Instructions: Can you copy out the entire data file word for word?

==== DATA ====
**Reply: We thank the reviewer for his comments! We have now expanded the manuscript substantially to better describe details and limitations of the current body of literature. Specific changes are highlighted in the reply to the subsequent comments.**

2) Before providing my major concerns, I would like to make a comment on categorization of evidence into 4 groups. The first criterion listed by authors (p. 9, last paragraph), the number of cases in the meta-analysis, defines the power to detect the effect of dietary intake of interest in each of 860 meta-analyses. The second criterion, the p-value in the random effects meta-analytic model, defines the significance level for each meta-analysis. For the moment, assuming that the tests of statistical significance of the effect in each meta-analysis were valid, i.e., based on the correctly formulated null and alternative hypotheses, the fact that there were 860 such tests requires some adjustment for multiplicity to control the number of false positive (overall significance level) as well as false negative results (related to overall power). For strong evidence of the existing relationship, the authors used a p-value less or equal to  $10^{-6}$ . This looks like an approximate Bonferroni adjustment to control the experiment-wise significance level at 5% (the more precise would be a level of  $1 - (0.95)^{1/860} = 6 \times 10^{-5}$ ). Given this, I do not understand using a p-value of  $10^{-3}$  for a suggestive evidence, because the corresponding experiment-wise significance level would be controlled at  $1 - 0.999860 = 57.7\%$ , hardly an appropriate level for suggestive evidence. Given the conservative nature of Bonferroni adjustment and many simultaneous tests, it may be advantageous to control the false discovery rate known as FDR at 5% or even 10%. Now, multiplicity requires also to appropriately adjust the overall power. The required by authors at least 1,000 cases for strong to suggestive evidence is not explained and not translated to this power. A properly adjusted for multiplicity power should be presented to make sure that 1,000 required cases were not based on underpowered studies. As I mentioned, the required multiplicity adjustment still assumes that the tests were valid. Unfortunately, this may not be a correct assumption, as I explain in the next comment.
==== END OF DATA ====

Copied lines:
**Reply: We thank the reviewer for his comments! We have now expanded the manuscript substantially to better describe details and limitations of the current body of literature. Specific changes are highlighted in the reply to the subsequent comments.**

2) Before providing my major concerns, I would like to make a comment on categorization of evidence into 4 groups. The first criterion listed by authors (p. 9, last paragraph), the number of cases in the meta-analysis, defines the power to detect the effect of dietary intake of interest in each of 860 meta-analyses. The second criterion, the p-value in the random effects meta-analytic model, defines the significance level for each meta-analysis. For the moment, assuming that the tests of statistical significance of the effect in each meta-analysis were valid, i.e., based on the correctly formulated null and alternative hypotheses, the fact that there were 860 such tests requires some adjustment for multiplicity to control the number of false positive (overall significance level) as well as false negative results (related to overall power). For strong evidence of the existing relationship, the authors used a p-value less or equal to  $10^{-6}$ . This looks like an approximate Bonferroni adjustment to control the experiment-wise significance level at 5% (the more precise would be a level of  $1 - (0.95)^{1/860} = 6 \times 10^{-5}$ ). Given this, I do not understand using a p-value of  $10^{-3}$  for a suggestive evidence, because the corresponding experiment-wise significance level would be controlled at  $1 - 0.999860 = 57.7\%$ , hardly an appropriate level for suggestive evidence. Given the conservative nature of Bonferroni adjustment and many simultaneous tests, it may be advantageous to control the false discovery rate known as FDR at 5% or even 10%. Now, multiplicity requires also to appropriately adjust the overall power. The required by authors at least 1,000 cases for strong to suggestive evidence is not explained and not translated to this power. A properly adjusted for multiplicity power should be presented to make sure that 1,000 required cases were not based on underpowered studies. As I mentioned, the required multiplicity adjustment still assumes that the tests were valid. Unfortunately, this may not be a correct assumption, as I explain in the next comment.